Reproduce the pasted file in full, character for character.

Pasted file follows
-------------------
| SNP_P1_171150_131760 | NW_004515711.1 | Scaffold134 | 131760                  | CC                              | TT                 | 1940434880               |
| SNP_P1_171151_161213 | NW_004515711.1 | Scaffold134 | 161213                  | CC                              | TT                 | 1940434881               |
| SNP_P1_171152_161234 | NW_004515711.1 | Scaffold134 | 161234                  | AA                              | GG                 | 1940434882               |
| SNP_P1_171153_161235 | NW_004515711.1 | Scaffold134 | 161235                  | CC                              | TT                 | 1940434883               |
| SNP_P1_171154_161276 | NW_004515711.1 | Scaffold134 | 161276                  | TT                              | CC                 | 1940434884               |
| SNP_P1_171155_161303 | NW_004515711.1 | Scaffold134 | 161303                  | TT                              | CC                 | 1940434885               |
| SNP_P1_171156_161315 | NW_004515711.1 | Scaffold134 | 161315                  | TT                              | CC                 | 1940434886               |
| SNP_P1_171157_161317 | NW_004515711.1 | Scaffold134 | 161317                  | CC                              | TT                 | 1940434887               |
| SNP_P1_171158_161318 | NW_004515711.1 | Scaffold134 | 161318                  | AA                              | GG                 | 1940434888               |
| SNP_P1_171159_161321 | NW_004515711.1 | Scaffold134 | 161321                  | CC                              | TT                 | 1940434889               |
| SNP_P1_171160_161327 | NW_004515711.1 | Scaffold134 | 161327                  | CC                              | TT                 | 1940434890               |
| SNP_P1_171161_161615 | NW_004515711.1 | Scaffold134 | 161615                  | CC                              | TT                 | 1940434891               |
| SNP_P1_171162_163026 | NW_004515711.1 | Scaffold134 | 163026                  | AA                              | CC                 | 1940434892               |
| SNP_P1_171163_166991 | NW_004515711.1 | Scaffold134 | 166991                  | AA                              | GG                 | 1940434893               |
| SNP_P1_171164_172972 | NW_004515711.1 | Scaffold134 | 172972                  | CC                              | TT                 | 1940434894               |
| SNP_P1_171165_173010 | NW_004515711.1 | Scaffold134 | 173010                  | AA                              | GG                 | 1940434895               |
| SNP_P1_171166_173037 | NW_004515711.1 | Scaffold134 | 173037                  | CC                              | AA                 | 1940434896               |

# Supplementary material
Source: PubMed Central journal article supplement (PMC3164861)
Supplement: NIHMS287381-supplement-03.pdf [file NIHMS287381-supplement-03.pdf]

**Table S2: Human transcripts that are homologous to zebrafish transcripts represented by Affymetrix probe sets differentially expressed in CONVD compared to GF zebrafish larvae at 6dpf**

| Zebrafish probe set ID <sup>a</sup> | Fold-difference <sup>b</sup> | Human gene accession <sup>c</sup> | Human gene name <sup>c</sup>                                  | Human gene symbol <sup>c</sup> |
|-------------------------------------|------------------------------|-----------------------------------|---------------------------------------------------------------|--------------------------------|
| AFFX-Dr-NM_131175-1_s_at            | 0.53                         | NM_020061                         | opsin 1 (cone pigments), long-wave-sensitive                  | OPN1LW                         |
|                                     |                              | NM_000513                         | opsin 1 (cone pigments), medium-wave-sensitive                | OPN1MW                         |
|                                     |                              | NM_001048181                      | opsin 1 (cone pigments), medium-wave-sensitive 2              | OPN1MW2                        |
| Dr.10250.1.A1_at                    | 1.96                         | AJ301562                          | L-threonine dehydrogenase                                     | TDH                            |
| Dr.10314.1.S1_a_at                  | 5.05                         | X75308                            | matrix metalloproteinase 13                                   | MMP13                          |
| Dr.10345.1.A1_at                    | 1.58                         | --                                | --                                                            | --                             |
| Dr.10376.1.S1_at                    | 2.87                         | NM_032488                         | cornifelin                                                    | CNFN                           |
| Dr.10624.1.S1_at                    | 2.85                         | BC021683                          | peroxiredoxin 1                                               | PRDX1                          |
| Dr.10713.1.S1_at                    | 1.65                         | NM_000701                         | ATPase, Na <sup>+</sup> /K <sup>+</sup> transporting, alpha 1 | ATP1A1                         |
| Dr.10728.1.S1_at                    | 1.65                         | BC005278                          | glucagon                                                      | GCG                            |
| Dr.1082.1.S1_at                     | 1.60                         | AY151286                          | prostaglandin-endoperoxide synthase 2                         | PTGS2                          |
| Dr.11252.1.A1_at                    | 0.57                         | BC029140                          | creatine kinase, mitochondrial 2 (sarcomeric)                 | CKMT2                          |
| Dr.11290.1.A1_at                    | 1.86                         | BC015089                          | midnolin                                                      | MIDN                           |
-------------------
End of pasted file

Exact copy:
| SNP_P1_171150_131760 | NW_004515711.1 | Scaffold134 | 131760                  | CC                              | TT                 | 1940434880               |
| SNP_P1_171151_161213 | NW_004515711.1 | Scaffold134 | 161213                  | CC                              | TT                 | 1940434881               |
| SNP_P1_171152_161234 | NW_004515711.1 | Scaffold134 | 161234                  | AA                              | GG                 | 1940434882               |
| SNP_P1_171153_161235 | NW_004515711.1 | Scaffold134 | 161235                  | CC                              | TT                 | 1940434883               |
| SNP_P1_171154_161276 | NW_004515711.1 | Scaffold134 | 161276                  | TT                              | CC                 | 1940434884               |
| SNP_P1_171155_161303 | NW_004515711.1 | Scaffold134 | 161303                  | TT                              | CC                 | 1940434885               |
| SNP_P1_171156_161315 | NW_004515711.1 | Scaffold134 | 161315                  | TT                              | CC                 | 1940434886               |
| SNP_P1_171157_161317 | NW_004515711.1 | Scaffold134 | 161317                  | CC                              | TT                 | 1940434887               |
| SNP_P1_171158_161318 | NW_004515711.1 | Scaffold134 | 161318                  | AA                              | GG                 | 1940434888               |
| SNP_P1_171159_161321 | NW_004515711.1 | Scaffold134 | 161321                  | CC                              | TT                 | 1940434889               |
| SNP_P1_171160_161327 | NW_004515711.1 | Scaffold134 | 161327                  | CC                              | TT                 | 1940434890               |
| SNP_P1_171161_161615 | NW_004515711.1 | Scaffold134 | 161615                  | CC                              | TT                 | 1940434891               |
| SNP_P1_171162_163026 | NW_004515711.1 | Scaffold134 | 163026                  | AA                              | CC                 | 1940434892               |
| SNP_P1_171163_166991 | NW_004515711.1 | Scaffold134 | 166991                  | AA                              | GG                 | 1940434893               |
| SNP_P1_171164_172972 | NW_004515711.1 | Scaffold134 | 172972                  | CC                              | TT                 | 1940434894               |
| SNP_P1_171165_173010 | NW_004515711.1 | Scaffold134 | 173010                  | AA                              | GG                 | 1940434895               |
| SNP_P1_171166_173037 | NW_004515711.1 | Scaffold134 | 173037                  | CC                              | AA                 | 1940434896               |

# Supplementary material
Source: PubMed Central journal article supplement (PMC3164861)
Supplement: NIHMS287381-supplement-03.pdf [file NIHMS287381-supplement-03.pdf]

**Table S2: Human transcripts that are homologous to zebrafish transcripts represented by Affymetrix probe sets differentially expressed in CONVD compared to GF zebrafish larvae at 6dpf**

| Zebrafish probe set ID <sup>a</sup> | Fold-difference <sup>b</sup> | Human gene accession <sup>c</sup> | Human gene name <sup>c</sup>                                  | Human gene symbol <sup>c</sup> |
|-------------------------------------|------------------------------|-----------------------------------|---------------------------------------------------------------|--------------------------------|
| AFFX-Dr-NM_131175-1_s_at            | 0.53                         | NM_020061                         | opsin 1 (cone pigments), long-wave-sensitive                  | OPN1LW                         |
|                                     |                              | NM_000513                         | opsin 1 (cone pigments), medium-wave-sensitive                | OPN1MW                         |
|                                     |                              | NM_001048181                      | opsin 1 (cone pigments), medium-wave-sensitive 2              | OPN1MW2                        |
| Dr.10250.1.A1_at                    | 1.96                         | AJ301562                          | L-threonine dehydrogenase                                     | TDH                            |
| Dr.10314.1.S1_a_at                  | 5.05                         | X75308                            | matrix metalloproteinase 13                                   | MMP13                          |
| Dr.10345.1.A1_at                    | 1.58                         | --                                | --                                                            | --                             |
| Dr.10376.1.S1_at                    | 2.87                         | NM_032488                         | cornifelin                                                    | CNFN                           |
| Dr.10624.1.S1_at                    | 2.85                         | BC021683                          | peroxiredoxin 1                                               | PRDX1                          |
| Dr.10713.1.S1_at                    | 1.65                         | NM_000701                         | ATPase, Na <sup>+</sup> /K <sup>+</sup> transporting, alpha 1 | ATP1A1                         |
| Dr.10728.1.S1_at                    | 1.65                         | BC005278                          | glucagon                                                      | GCG                            |
| Dr.1082.1.S1_at                     | 1.60                         | AY151286                          | prostaglandin-endoperoxide synthase 2                         | PTGS2                          |
| Dr.11252.1.A1_at                    | 0.57                         | BC029140                          | creatine kinase, mitochondrial 2 (sarcomeric)                 | CKMT2                          |
| Dr.11290.1.A1_at                    | 1.86                         | BC015089                          | midnolin                                                      | MIDN                           |